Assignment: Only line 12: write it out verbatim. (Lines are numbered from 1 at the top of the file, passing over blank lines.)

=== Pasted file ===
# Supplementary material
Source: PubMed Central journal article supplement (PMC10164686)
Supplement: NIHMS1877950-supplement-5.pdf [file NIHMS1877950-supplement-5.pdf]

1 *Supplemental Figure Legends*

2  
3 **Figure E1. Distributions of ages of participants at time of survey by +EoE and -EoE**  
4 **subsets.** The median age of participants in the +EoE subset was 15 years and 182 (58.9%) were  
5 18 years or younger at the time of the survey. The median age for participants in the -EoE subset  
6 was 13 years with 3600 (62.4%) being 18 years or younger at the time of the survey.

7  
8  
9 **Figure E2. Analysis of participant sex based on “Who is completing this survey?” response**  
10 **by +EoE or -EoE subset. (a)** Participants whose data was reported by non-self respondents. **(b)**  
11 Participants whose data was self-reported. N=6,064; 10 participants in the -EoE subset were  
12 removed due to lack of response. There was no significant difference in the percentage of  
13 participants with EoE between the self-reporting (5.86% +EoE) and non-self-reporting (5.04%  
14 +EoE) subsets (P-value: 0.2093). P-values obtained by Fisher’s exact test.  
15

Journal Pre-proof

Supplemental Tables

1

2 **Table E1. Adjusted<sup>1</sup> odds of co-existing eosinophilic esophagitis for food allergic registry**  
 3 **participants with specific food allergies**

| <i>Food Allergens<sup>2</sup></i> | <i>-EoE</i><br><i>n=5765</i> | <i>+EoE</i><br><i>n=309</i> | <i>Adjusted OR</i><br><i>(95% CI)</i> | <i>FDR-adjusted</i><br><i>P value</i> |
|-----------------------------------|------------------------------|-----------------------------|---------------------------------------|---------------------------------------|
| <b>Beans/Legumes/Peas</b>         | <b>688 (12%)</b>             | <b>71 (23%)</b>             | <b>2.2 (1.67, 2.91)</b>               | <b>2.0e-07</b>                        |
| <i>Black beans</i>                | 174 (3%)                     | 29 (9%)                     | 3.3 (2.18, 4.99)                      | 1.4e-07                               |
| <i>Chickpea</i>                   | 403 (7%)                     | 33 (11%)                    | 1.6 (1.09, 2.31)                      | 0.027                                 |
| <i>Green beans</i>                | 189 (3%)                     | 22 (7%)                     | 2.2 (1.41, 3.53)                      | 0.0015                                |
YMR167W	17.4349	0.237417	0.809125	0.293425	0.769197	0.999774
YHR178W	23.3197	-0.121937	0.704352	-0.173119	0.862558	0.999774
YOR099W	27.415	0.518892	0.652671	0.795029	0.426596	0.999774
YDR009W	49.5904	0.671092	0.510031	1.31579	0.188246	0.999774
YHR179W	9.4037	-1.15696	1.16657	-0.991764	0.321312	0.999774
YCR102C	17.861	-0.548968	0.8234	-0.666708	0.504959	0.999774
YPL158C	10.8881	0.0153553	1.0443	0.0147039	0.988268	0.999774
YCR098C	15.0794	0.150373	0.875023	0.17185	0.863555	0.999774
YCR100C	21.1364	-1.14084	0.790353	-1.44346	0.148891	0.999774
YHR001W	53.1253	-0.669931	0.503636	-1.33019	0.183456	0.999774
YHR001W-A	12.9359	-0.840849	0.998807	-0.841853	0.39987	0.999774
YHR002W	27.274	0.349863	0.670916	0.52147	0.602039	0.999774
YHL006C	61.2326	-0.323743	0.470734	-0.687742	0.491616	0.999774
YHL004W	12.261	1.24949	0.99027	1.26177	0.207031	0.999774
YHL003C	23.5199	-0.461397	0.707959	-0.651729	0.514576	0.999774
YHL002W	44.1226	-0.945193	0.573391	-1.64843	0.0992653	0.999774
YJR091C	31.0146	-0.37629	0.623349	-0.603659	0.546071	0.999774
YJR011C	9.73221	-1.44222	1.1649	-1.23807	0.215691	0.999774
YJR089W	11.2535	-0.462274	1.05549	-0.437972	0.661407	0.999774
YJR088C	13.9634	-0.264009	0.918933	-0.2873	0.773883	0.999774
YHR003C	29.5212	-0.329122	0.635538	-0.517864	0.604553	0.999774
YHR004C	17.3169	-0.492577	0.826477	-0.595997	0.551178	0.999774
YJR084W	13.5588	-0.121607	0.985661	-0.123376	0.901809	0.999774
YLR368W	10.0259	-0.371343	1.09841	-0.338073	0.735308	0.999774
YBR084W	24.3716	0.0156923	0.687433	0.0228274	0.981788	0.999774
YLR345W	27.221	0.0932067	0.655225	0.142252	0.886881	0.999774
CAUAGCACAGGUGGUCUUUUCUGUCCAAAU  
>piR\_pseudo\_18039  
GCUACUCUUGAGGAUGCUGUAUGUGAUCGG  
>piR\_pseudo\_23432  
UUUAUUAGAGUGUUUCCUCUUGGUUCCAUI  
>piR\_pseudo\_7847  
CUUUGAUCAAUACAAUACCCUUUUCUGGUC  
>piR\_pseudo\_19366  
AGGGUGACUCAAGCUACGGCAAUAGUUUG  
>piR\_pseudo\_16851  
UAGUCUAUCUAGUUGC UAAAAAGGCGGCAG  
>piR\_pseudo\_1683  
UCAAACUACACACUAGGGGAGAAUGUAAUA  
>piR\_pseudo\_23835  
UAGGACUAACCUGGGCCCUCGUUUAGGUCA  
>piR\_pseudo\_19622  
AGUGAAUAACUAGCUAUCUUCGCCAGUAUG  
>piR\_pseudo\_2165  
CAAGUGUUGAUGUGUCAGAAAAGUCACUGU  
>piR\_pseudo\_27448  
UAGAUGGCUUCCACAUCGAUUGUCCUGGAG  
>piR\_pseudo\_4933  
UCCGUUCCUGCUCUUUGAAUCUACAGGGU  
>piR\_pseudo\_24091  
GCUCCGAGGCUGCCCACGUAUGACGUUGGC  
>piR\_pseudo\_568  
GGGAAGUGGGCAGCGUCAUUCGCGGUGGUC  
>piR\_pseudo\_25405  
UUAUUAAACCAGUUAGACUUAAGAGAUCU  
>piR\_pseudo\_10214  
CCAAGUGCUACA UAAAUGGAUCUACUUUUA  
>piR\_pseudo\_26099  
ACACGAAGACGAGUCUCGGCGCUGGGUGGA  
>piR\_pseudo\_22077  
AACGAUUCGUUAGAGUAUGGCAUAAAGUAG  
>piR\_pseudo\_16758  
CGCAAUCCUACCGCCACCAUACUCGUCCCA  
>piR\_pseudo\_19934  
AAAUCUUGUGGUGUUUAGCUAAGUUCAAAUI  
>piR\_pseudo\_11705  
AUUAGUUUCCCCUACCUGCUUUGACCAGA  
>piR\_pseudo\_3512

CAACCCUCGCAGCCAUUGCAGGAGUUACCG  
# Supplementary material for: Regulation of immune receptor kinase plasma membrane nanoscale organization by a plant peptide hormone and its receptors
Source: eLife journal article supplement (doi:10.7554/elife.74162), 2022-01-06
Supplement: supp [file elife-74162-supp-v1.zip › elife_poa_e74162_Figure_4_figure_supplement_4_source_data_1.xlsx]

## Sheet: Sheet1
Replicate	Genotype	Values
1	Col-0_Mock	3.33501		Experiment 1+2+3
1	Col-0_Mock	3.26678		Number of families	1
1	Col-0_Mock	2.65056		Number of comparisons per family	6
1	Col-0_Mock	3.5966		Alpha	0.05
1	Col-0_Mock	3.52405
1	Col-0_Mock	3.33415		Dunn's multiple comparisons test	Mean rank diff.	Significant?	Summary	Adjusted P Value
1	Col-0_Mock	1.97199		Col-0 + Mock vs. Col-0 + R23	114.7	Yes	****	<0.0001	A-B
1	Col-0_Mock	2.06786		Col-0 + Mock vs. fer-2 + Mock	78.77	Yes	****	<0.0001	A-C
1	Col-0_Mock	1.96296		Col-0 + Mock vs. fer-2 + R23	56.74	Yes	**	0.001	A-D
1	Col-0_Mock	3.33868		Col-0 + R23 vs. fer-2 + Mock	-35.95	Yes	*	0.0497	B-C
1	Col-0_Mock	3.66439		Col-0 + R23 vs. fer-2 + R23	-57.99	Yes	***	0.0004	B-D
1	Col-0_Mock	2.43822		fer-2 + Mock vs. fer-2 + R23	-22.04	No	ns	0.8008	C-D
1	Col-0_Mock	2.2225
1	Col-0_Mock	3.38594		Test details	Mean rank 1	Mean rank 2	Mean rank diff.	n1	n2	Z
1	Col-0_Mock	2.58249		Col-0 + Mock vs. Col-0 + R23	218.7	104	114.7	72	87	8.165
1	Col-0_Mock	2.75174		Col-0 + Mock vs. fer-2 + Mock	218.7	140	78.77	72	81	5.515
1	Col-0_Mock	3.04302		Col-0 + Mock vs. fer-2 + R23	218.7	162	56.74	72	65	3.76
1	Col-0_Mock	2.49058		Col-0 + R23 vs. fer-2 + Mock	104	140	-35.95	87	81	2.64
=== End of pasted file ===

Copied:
9 **Figure E2. Analysis of participant sex based on “Who is completing this survey?” response**  